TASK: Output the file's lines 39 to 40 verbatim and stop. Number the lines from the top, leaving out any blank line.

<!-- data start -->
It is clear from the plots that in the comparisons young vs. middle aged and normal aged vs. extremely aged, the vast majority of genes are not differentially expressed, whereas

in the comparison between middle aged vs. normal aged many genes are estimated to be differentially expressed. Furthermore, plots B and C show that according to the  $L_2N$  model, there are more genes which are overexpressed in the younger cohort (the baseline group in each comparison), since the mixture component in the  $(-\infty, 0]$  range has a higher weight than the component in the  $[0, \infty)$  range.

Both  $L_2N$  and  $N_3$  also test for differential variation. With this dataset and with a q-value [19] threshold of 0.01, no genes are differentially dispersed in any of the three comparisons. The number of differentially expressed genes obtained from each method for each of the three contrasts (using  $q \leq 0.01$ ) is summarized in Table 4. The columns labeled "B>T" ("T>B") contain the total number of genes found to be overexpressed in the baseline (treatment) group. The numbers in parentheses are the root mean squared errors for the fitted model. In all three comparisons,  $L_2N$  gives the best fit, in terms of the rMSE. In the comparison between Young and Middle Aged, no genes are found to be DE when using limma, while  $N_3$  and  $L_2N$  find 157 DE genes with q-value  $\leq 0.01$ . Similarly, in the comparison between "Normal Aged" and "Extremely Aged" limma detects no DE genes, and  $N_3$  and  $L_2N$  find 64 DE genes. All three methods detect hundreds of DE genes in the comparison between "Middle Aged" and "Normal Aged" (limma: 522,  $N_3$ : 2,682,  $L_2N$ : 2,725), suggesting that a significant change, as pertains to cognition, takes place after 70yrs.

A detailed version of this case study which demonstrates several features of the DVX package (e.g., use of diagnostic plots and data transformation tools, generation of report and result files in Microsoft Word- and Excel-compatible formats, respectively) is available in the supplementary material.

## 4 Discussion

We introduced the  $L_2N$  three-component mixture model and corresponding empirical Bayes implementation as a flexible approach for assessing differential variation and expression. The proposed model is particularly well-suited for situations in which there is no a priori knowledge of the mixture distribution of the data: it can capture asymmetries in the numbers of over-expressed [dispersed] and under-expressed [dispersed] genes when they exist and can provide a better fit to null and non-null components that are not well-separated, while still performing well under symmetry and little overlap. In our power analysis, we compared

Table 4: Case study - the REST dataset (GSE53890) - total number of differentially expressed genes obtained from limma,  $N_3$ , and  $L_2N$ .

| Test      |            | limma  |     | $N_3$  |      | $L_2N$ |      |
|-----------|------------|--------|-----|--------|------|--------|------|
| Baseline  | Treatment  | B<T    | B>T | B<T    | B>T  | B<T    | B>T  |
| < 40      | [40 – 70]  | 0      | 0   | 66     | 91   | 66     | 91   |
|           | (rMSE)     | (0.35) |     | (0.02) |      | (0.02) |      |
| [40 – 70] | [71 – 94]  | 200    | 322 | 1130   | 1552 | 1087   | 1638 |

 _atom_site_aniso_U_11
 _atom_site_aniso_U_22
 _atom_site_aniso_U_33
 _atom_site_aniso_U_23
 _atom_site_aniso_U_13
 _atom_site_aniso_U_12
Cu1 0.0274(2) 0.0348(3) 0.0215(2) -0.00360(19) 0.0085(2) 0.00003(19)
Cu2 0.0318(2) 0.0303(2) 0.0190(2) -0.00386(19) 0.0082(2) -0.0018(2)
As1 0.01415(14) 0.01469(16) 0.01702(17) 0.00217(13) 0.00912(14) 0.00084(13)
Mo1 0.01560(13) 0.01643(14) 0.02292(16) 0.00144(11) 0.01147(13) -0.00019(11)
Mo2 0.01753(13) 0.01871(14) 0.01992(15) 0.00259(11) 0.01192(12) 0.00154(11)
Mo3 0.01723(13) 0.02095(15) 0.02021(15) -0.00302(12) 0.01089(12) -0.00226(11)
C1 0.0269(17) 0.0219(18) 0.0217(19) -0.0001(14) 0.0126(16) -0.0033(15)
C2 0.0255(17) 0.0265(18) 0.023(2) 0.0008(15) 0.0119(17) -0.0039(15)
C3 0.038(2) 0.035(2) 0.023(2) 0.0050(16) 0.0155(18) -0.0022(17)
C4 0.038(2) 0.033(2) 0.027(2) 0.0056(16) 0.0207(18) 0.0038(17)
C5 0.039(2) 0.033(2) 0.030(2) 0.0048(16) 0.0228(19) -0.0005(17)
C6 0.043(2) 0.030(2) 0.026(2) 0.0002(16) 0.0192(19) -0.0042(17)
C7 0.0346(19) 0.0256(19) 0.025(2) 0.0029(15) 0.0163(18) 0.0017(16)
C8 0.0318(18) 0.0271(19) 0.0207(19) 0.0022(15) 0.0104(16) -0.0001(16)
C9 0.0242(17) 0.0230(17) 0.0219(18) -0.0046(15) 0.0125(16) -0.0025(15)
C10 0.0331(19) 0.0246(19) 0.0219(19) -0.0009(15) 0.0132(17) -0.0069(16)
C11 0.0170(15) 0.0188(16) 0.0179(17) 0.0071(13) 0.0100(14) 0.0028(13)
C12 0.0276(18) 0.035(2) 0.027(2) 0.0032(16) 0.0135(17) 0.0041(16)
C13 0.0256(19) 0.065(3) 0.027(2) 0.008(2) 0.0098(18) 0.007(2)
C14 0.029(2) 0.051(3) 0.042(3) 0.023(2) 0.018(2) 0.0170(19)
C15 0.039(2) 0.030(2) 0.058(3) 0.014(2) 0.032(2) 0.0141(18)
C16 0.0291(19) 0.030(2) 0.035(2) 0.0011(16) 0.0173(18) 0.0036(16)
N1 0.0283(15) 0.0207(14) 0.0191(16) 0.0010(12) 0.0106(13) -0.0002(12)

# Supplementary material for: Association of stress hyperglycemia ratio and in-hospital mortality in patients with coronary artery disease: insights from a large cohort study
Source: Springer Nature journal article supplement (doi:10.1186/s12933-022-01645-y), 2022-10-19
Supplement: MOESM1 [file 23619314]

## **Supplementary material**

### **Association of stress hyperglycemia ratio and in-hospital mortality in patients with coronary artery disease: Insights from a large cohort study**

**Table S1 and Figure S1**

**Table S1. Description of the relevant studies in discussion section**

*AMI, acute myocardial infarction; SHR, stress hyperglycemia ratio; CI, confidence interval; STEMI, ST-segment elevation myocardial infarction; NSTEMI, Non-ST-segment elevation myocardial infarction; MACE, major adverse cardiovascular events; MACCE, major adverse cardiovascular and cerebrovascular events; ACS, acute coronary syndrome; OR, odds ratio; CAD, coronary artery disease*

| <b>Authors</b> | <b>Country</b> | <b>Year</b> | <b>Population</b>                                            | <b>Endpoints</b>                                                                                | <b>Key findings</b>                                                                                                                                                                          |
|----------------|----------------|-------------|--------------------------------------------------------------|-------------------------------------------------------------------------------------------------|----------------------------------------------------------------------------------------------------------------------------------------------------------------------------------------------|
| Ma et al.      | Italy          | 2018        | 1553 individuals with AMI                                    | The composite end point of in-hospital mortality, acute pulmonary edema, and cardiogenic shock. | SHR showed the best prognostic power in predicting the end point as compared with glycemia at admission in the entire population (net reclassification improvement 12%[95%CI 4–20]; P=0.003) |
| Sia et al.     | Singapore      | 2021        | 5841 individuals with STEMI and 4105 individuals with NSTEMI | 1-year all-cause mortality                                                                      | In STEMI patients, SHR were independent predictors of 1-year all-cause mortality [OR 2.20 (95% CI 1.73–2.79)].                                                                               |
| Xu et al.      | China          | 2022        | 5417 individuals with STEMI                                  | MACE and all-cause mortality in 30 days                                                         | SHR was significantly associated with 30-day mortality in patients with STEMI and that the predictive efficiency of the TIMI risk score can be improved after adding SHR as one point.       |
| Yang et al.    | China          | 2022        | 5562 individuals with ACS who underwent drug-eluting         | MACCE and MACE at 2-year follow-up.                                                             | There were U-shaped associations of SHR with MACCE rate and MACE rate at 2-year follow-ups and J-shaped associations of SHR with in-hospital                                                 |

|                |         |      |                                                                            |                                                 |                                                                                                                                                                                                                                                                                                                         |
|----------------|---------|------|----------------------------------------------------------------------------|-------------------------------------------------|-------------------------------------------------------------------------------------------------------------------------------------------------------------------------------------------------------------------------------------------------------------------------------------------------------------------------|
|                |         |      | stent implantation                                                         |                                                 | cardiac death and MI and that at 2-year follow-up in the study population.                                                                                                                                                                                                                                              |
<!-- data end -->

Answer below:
C14 0.029(2) 0.051(3) 0.042(3) 0.023(2) 0.018(2) 0.0170(19)
C15 0.039(2) 0.030(2) 0.058(3) 0.014(2) 0.032(2) 0.0141(18)